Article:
BERF’s Work in Rwanda

BERF has yet to complete any projects in Rwanda, but is in discussion with the country office to support work in the following areas:

  1. Mining Sector Diagnostic Report
  2. Evidence work to assess the poverty impact of  the Rwanda Investment Climate Reform Programme and similar investment climate programmes

Context

Rwanda has rebuilt since the genocide of 1994 to become a significant development success, achieving high growth, lowering poverty and reducing levels of inequality. Consistent economic policies over the 14 year period from 2001 to 2015 have contributed to this small landlocked country averaging real economic growth of around 8 percent per year.  With the support of DFID and other development partners, Rwanda has become known as one of the easiest places to do business in Sub-Saharan Africa, according to the World Bank.

Rwanda’s long term development goals are set out in its Vision 2020. This seeks to transform the economy from a low-income, agriculture-based one, to a middle income country driven by private sector growth through the development of services and a knowledge-based economy that works for the country’s 11 million people according to World Bank data. The Economic Development and Poverty Reduction Strategy aims to realise certain medium term goals by 2018: raise national income per capita to US$1,000 (from a low of US$207 in 2000), reduce the number of Rwandans living in poverty to less than 30% of the population, and implement policies to ensure that less than 9% of the population is living in extreme poverty by 2018.

Rwanda has embraced regional integration as a strategic solution to address its constraints as a landlocked country with a limited export base and high export costs. Active membership of the East African Community has helped Rwanda promote regional approaches to investments in energy, trade and transport infrastructure that have benefited the country. These include initiatives such as the Single Customs Territory and the Northern Corridor, which links Mombasa Seaport through Kenya and Uganda to Kigali. These advances have become important ingredients for Rwanda’s long term plan to become a regional trade logistics and distribution hub serving Western Uganda and Eastern Democratic Republic of Congo.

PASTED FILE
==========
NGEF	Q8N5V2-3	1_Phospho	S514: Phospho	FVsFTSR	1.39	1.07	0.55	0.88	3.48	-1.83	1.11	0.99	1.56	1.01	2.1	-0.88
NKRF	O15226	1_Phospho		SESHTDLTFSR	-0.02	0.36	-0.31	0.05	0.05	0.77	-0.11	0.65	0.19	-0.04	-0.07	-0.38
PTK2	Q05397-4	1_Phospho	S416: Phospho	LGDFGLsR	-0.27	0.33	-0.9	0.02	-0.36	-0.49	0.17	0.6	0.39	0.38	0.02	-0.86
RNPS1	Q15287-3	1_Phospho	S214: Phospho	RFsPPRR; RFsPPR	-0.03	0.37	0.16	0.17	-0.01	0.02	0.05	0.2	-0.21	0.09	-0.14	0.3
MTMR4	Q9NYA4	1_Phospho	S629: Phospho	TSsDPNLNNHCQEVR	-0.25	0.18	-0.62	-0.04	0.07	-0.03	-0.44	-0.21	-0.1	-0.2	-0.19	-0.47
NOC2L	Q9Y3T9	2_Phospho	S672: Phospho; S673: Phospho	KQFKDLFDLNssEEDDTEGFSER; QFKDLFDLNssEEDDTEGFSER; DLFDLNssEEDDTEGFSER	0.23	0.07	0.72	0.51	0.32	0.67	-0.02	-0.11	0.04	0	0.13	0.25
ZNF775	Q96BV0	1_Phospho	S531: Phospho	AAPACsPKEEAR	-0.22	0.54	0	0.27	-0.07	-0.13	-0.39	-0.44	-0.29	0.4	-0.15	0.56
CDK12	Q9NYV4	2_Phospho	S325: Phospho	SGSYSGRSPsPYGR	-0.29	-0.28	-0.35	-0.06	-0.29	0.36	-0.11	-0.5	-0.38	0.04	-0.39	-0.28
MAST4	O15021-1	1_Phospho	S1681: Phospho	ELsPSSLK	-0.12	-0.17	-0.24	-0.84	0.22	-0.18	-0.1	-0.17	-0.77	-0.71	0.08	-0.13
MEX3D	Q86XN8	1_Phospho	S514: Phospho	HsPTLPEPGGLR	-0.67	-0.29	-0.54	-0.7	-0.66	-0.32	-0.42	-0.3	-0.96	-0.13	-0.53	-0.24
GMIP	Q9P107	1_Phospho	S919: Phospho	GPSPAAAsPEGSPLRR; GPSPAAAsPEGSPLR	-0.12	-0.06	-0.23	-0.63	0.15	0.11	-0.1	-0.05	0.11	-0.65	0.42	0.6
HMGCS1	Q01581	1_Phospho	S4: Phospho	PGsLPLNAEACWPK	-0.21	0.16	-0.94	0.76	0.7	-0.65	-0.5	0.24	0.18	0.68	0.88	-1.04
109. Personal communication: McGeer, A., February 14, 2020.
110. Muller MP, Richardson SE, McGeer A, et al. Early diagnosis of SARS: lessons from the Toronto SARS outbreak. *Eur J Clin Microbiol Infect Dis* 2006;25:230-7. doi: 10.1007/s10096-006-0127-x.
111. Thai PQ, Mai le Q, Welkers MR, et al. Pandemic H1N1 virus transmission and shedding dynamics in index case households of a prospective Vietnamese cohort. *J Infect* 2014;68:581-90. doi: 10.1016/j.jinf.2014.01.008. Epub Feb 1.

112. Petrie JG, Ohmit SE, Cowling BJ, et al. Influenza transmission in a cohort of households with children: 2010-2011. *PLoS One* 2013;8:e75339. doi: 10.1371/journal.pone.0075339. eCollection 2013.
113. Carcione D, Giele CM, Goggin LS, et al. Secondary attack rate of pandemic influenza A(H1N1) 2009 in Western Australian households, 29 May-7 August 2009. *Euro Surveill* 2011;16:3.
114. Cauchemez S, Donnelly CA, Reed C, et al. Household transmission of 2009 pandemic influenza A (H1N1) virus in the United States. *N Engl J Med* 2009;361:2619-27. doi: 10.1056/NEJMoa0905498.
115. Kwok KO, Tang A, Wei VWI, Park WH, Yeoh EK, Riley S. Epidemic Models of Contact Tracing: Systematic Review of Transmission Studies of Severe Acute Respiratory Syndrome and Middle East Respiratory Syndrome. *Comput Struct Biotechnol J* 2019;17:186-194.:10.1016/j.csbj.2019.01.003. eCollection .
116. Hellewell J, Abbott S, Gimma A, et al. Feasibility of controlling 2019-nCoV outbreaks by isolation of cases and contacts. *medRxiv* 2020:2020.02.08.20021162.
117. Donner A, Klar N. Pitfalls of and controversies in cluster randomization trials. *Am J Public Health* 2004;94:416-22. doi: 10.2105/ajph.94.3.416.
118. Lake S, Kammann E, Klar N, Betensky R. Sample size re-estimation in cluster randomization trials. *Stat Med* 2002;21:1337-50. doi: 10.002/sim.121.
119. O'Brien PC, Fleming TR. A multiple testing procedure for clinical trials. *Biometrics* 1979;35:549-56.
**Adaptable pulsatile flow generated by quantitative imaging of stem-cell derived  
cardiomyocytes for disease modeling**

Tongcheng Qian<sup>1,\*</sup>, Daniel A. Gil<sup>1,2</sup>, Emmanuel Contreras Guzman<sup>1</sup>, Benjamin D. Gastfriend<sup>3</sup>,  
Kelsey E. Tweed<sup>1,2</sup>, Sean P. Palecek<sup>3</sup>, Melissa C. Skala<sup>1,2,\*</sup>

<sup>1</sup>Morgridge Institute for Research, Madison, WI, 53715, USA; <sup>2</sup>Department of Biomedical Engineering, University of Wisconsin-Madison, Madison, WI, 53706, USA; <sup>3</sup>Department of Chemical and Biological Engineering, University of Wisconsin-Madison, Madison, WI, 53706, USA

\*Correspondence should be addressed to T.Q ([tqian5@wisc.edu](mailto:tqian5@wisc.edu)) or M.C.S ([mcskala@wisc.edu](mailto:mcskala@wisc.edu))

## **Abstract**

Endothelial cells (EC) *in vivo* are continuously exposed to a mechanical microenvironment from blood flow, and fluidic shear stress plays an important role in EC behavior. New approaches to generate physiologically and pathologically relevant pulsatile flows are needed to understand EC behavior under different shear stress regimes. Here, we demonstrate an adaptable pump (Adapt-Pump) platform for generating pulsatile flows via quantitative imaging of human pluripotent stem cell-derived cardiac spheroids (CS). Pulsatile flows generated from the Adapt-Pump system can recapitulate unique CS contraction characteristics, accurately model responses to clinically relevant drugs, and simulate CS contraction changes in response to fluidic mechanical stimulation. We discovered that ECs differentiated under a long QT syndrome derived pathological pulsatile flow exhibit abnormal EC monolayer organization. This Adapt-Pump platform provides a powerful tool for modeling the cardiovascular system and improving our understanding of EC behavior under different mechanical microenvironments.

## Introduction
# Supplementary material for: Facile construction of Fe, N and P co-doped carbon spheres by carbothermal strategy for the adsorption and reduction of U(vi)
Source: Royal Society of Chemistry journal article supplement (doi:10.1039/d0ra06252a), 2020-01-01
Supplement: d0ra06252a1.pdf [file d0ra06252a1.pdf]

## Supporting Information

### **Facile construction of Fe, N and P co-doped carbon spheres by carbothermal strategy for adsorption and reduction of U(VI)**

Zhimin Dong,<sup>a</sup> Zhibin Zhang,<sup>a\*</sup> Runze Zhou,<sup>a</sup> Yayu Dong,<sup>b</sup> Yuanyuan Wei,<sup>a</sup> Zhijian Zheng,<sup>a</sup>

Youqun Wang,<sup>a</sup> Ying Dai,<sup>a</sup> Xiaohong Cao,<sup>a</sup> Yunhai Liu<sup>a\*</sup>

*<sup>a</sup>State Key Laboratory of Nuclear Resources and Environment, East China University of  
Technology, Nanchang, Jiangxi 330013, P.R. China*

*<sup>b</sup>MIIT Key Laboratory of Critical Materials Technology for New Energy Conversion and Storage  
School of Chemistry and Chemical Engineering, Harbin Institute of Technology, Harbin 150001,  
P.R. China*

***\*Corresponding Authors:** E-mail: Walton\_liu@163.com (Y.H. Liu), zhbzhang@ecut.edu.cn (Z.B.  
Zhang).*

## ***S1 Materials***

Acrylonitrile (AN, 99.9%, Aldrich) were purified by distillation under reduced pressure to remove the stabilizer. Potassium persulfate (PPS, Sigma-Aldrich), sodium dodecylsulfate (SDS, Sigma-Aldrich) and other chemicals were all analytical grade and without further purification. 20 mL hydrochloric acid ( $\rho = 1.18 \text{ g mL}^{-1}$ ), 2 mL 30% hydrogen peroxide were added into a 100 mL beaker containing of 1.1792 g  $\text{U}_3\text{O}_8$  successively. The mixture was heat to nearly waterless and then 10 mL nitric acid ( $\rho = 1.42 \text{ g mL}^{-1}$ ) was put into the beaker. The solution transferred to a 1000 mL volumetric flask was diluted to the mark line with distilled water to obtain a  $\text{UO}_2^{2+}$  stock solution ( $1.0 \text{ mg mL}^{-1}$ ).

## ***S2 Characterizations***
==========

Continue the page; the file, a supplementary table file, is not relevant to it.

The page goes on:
Challenges include the need to continuously reform in a smart way, in order to realise the long term goals set out in the national strategy. In the shorter term, Rwanda will find it necessary to continue applying measures to boost private sector growth by including new mechanisms to encourage small informal entities to become mainstreamed in the country’s private sector.

DFID Strategy in Rwanda

DFID supports Rwanda’s economic development agenda through development assistance to:

  1. shift from an agricultural economy to one based on private sector-led growth
  2. facilitate small and medium sized enterprises to grow and become employers, providing opportunities for women and men
  3. improve basic services that will contribute to the attainment of the MDGs and build human capacity, skills and resilience
  4. increase opportunities for domestic earnings in order to reduce the country’s dependence on foreign aid

 World Bank Doing Business

In 2017 the World Bank ranked Rwanda at 56 in the terms of the Ease of Doing Business, continuing a trend which has seen the country successfully put in place measures to improve the business environment. Rwanda is the Sub-Saharan Africa’s best reformer after Mauritius, and is substantially ahead of the regional average score of 143.

In terms of the Distance to Frontier, Rwanda scores 69.81, close to strong performing Mauritius (72.27), and well above the regional average of 49.51.

Policies to make it easier for business to operate efficiently were reflected in significant improvements in four Doing Business indicators: starting a business, registering property, trading across borders and enforcing contracts. A sharp decline in the Distance to Frontier score for getting construction permits from 66.26 in 2016 to 55.40 in 2017 suggests that positive reforms in other indicators have not been fully realised in this important requirement for investors and businesses.